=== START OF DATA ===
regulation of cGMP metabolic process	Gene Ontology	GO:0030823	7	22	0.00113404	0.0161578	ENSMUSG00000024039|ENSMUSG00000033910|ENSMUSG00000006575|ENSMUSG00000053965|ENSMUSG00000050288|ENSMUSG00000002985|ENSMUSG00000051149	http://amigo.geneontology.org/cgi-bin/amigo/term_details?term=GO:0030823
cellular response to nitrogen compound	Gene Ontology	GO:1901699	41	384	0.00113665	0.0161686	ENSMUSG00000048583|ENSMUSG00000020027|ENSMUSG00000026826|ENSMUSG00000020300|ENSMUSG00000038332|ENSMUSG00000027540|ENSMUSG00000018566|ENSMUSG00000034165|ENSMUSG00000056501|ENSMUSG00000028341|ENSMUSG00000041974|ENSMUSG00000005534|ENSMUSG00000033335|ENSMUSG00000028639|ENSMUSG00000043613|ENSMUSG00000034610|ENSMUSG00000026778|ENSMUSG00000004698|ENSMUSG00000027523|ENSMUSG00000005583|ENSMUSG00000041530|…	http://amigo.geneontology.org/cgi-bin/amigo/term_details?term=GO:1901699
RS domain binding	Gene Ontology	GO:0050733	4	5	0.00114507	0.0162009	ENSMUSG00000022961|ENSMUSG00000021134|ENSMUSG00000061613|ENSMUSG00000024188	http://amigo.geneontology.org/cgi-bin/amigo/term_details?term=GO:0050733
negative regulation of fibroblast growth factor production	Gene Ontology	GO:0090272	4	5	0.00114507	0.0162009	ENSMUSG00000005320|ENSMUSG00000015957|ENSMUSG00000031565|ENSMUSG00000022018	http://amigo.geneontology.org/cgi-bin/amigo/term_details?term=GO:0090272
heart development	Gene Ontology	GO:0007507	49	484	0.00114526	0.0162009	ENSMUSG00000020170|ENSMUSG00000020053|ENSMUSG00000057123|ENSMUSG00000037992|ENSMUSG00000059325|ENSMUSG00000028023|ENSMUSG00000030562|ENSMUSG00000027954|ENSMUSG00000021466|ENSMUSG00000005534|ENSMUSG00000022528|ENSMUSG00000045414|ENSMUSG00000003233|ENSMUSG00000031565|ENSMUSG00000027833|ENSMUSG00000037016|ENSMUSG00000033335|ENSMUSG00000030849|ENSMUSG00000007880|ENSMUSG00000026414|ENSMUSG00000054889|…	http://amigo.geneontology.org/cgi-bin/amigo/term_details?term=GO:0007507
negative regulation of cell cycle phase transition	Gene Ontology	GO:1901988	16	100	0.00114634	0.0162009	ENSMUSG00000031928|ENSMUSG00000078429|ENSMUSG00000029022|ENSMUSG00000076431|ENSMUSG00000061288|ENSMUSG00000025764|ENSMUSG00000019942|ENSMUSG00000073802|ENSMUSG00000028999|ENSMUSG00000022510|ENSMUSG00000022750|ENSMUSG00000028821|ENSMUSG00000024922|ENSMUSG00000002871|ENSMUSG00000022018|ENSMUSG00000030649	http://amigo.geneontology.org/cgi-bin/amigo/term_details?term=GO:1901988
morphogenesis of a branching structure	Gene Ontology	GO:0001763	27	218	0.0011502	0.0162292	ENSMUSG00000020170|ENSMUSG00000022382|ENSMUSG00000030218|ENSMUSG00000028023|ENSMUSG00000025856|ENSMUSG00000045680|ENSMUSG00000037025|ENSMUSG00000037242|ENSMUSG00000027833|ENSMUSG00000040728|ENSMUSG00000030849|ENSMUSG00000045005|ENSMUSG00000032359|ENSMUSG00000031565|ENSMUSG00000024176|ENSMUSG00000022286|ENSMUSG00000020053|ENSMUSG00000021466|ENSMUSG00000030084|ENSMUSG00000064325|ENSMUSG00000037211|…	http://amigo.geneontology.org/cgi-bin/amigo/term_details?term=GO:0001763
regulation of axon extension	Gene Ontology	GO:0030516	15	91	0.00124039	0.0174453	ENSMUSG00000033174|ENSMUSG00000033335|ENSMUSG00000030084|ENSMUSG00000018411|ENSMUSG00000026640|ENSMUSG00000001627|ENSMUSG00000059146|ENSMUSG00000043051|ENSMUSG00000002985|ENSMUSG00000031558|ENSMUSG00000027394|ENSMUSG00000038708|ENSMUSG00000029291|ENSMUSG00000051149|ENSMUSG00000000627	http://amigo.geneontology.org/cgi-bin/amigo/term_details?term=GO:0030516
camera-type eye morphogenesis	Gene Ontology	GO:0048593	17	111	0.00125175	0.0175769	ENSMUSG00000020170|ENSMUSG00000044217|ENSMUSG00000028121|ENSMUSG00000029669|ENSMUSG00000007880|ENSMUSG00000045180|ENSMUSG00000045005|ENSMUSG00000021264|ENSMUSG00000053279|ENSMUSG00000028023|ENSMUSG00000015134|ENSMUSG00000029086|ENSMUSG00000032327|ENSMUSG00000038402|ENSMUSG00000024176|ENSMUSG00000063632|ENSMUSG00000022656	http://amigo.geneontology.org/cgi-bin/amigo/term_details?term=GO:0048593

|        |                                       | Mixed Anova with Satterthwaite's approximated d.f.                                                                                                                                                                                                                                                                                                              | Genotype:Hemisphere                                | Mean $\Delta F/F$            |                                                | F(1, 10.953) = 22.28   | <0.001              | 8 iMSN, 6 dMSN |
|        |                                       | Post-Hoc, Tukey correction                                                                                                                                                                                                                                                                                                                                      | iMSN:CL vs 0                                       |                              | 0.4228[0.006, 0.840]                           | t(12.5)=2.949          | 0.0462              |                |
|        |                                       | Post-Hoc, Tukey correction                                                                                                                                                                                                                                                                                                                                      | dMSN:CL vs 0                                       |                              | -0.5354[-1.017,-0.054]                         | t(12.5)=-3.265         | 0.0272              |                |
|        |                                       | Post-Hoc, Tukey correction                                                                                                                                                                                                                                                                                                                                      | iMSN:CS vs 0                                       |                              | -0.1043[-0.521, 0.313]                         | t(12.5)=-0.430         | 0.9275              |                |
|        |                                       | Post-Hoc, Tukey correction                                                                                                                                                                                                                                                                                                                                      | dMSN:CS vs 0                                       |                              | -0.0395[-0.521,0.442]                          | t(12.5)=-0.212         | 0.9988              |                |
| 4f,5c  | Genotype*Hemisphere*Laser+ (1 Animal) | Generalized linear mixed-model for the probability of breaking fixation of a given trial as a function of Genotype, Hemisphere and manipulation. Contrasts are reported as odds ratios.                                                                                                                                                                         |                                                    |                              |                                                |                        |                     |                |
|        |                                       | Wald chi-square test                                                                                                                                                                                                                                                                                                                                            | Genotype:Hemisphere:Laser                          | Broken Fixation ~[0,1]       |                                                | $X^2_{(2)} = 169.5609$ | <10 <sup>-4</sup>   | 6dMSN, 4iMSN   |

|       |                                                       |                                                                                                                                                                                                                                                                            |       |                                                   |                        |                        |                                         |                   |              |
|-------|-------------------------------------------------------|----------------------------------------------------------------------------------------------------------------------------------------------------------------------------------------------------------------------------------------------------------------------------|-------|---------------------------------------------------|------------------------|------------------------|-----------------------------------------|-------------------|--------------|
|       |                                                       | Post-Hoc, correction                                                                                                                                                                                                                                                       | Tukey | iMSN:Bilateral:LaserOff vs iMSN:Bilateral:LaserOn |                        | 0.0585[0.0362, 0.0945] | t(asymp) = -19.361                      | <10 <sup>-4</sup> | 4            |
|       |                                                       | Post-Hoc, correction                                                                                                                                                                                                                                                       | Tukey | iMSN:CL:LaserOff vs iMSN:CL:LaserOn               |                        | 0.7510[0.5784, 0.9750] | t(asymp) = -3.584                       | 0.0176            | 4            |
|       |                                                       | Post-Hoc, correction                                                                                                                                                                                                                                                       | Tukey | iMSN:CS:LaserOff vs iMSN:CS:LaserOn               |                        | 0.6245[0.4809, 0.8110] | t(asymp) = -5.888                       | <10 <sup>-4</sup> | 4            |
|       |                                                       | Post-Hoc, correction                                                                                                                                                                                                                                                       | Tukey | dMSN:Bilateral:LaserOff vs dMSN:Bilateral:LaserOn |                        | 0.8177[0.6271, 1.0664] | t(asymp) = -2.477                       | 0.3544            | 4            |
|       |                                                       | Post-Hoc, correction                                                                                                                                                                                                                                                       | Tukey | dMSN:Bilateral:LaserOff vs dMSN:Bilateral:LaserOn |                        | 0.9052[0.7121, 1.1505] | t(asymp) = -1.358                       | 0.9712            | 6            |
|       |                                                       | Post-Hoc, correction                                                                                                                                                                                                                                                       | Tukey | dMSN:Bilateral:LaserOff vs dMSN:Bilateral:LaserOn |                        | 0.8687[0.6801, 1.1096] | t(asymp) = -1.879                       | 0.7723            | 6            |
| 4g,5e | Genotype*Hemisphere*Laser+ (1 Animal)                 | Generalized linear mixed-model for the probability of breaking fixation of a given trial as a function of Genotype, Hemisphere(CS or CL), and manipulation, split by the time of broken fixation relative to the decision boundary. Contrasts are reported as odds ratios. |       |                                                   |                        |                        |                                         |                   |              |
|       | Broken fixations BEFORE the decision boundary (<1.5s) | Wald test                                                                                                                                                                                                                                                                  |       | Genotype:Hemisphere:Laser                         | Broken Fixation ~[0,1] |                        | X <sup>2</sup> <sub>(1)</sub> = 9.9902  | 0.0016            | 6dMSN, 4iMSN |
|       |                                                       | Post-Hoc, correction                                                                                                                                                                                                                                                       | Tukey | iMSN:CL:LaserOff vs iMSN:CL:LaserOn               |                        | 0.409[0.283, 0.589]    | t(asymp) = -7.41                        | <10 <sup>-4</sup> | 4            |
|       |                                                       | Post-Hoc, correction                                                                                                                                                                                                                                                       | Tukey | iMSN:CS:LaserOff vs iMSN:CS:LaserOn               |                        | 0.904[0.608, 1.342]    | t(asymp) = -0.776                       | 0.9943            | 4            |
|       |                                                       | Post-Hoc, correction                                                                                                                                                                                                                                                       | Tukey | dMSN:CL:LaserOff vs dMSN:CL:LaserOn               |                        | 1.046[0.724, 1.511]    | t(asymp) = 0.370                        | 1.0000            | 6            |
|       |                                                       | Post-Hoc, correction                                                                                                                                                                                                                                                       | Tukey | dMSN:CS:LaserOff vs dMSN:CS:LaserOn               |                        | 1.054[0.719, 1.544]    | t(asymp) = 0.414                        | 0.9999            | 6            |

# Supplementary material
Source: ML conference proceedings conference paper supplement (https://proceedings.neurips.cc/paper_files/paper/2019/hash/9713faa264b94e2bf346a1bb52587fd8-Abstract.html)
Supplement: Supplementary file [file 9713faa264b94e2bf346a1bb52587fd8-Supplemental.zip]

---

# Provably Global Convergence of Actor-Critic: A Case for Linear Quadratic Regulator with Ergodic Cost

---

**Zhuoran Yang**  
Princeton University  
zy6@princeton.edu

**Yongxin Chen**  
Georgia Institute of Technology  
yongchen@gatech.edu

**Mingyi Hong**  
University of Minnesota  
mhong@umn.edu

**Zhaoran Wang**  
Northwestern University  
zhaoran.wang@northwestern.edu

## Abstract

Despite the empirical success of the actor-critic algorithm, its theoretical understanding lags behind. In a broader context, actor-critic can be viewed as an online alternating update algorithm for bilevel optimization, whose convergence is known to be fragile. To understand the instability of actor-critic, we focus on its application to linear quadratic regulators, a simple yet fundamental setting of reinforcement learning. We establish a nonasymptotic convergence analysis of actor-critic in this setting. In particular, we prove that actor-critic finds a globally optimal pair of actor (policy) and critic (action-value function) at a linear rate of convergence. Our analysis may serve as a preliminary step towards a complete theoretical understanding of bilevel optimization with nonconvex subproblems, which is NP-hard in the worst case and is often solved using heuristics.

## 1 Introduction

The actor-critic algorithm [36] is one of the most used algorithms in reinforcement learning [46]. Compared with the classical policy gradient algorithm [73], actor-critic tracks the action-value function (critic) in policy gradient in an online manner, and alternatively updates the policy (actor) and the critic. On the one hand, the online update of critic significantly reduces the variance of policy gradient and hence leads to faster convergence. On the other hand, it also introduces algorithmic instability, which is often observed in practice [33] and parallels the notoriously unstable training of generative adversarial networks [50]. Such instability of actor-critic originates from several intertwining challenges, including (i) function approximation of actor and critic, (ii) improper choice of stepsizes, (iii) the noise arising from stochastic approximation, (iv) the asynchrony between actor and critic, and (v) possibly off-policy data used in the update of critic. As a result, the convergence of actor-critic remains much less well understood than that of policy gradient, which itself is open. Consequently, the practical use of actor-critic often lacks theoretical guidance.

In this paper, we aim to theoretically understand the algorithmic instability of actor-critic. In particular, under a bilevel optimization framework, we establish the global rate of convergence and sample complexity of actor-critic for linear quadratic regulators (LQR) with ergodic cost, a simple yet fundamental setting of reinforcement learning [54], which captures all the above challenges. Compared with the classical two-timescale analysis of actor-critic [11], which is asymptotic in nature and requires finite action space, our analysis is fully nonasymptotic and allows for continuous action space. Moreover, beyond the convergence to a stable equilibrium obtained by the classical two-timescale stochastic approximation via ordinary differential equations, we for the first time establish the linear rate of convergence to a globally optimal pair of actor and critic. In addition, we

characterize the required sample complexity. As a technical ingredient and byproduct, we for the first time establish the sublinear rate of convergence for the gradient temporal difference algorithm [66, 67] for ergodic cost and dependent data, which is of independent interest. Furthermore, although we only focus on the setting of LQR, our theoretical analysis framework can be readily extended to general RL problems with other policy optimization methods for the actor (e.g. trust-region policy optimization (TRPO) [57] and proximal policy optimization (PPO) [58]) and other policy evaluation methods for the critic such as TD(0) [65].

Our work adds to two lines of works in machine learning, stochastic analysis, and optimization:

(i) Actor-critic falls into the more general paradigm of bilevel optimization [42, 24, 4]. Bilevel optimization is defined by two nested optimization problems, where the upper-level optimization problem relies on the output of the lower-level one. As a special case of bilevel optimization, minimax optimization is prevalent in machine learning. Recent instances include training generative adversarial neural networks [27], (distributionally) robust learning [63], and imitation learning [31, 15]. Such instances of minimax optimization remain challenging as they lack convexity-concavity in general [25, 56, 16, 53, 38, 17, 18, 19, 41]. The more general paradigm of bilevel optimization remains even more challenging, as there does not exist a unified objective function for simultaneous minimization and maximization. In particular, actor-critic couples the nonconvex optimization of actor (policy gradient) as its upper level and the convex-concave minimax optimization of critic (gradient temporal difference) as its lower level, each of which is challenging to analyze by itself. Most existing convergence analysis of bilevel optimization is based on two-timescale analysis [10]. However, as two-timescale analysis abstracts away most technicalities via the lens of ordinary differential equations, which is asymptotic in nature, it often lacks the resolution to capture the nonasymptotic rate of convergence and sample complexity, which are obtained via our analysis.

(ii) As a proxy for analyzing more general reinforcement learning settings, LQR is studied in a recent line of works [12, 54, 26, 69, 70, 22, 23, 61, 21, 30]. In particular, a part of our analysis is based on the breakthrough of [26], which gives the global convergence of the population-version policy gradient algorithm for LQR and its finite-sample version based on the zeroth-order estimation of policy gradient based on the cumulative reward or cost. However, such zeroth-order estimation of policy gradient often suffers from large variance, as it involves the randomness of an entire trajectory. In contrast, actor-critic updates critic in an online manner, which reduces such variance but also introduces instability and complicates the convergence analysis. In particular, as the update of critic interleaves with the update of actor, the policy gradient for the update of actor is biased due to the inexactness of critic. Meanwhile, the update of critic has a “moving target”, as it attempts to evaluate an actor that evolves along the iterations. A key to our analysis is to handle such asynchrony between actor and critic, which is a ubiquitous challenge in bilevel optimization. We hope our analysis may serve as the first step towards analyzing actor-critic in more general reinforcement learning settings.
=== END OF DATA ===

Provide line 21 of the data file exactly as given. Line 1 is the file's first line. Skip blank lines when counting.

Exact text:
|       |                                                       | Post-Hoc, correction                                                                                                                                                                                                                                                       | Tukey | iMSN:CS:LaserOff vs iMSN:CS:LaserOn               |                        | 0.6245[0.4809, 0.8110] | t(asymp) = -5.888                       | <10 <sup>-4</sup> | 4            |